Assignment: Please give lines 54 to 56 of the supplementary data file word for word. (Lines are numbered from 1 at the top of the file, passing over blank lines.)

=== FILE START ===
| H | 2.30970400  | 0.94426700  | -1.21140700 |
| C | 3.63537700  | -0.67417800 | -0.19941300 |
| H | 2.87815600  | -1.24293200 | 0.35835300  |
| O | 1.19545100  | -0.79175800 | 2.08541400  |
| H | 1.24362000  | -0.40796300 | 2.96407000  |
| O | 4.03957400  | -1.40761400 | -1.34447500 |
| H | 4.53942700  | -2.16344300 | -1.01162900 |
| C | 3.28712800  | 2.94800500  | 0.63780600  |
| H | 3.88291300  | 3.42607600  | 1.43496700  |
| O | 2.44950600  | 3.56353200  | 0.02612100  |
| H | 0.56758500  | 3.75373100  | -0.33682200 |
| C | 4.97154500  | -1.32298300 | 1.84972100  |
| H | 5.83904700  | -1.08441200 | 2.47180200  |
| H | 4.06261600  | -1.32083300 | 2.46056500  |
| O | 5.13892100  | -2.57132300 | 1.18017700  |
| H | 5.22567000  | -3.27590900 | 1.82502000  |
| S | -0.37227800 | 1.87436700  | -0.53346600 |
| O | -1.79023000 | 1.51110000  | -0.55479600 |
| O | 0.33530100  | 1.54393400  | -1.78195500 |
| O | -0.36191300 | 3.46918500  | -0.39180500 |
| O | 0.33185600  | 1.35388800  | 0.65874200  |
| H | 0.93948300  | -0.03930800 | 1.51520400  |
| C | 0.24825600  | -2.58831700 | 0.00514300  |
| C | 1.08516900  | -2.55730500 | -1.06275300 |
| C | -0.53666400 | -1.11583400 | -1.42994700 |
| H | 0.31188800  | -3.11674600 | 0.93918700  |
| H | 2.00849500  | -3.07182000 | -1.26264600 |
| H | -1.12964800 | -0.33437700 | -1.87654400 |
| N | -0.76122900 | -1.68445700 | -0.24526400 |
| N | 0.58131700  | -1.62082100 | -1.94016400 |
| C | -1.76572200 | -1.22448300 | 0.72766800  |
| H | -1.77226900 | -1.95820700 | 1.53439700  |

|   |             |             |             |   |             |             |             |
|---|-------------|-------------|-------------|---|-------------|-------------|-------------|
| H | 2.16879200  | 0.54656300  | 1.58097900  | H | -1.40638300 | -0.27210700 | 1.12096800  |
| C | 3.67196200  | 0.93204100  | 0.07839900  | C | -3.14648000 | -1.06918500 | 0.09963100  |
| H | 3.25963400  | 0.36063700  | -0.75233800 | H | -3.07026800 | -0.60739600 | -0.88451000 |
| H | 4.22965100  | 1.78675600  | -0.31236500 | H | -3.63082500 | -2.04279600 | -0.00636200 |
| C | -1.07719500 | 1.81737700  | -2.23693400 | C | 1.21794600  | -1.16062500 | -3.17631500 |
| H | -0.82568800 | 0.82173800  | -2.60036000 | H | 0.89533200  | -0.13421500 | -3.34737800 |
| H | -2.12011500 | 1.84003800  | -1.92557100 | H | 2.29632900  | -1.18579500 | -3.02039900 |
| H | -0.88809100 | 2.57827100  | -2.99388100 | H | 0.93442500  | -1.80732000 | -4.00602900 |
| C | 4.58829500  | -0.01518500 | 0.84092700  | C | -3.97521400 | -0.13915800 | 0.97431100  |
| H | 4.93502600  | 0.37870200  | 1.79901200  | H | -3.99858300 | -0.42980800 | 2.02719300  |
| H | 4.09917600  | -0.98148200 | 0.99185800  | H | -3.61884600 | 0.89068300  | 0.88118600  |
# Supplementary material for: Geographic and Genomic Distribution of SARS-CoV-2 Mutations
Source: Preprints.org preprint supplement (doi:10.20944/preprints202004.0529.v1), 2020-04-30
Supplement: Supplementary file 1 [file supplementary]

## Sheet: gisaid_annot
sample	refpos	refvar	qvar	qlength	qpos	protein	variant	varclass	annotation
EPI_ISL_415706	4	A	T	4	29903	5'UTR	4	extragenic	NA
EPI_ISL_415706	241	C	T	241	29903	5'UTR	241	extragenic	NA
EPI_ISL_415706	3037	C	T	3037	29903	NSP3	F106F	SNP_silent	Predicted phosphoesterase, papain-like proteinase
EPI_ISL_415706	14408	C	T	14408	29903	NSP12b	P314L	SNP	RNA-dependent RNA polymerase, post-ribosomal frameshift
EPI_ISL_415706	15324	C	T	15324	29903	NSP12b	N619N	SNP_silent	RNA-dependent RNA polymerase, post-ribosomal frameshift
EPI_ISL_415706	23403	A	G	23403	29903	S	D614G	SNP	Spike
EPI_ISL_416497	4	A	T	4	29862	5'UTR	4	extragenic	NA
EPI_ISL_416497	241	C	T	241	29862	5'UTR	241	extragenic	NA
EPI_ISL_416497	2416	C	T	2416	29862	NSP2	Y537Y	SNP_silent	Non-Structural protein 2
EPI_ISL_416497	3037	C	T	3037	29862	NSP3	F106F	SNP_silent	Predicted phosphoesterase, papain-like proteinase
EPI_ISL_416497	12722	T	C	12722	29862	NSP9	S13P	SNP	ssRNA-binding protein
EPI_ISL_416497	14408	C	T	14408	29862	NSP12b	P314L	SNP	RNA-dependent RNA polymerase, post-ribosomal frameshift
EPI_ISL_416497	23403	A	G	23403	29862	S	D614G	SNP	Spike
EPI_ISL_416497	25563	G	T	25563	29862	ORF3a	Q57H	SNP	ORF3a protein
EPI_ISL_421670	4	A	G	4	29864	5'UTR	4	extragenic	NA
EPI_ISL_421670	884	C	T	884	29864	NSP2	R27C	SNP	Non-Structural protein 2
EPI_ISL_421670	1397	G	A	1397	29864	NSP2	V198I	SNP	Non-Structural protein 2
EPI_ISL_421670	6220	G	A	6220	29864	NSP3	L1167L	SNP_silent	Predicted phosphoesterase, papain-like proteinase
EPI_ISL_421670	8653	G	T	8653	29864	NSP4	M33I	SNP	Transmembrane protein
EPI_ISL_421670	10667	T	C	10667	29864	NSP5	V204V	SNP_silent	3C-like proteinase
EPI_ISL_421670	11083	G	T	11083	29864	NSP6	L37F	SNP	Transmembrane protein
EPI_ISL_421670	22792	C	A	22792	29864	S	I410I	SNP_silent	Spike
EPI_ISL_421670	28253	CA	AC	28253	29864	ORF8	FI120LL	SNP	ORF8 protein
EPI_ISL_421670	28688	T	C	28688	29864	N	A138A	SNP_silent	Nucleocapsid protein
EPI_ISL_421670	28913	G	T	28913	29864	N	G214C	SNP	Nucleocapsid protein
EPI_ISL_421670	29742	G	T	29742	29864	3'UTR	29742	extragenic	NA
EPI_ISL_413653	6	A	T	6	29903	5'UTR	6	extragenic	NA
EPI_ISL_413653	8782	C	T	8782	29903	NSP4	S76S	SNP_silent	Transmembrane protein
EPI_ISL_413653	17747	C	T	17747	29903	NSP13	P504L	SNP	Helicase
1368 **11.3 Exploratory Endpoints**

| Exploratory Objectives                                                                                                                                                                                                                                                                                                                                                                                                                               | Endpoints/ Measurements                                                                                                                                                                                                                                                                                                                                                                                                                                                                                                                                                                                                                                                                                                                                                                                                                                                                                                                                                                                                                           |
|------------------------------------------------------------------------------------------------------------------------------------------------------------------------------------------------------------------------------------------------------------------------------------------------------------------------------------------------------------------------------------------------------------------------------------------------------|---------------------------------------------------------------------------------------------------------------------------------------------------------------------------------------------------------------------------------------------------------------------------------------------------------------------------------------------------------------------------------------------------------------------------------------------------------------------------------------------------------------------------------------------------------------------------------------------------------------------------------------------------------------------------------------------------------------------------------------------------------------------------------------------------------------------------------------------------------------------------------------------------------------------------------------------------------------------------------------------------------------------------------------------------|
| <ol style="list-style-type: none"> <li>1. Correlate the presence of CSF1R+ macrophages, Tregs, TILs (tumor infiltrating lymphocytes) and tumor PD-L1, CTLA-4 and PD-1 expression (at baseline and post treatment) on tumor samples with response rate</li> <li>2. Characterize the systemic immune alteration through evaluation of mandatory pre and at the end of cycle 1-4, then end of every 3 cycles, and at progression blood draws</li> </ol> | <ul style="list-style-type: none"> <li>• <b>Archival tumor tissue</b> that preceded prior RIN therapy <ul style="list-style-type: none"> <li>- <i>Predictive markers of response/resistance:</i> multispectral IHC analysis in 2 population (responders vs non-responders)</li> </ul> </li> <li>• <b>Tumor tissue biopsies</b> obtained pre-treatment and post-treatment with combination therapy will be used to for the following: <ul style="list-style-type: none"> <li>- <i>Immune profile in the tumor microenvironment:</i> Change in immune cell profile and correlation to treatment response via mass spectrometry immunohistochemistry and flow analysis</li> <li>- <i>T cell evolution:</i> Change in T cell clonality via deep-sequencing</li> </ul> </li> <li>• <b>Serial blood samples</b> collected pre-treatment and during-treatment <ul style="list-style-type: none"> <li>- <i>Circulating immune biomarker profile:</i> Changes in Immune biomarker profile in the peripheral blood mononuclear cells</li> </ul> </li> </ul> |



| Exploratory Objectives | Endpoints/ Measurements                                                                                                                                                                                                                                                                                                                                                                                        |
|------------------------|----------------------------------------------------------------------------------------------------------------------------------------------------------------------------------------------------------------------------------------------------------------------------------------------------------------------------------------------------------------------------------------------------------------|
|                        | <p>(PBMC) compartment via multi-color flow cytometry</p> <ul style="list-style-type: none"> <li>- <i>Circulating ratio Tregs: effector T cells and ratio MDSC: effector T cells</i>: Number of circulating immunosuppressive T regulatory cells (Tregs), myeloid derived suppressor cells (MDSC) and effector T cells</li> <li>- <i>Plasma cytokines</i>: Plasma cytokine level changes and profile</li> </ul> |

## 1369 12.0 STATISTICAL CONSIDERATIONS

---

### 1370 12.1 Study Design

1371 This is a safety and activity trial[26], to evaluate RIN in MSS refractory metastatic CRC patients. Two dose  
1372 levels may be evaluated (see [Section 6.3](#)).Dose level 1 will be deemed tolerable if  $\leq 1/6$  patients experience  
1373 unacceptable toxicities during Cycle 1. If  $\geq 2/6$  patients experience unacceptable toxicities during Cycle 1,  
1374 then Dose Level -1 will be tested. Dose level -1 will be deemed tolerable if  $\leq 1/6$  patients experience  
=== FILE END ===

EPI_ISL_415706	14408	C	T	14408	29903	NSP12b	P314L	SNP	RNA-dependent RNA polymerase, post-ribosomal frameshift
EPI_ISL_415706	15324	C	T	15324	29903	NSP12b	N619N	SNP_silent	RNA-dependent RNA polymerase, post-ribosomal frameshift
EPI_ISL_415706	23403	A	G	23403	29903	S	D614G	SNP	Spike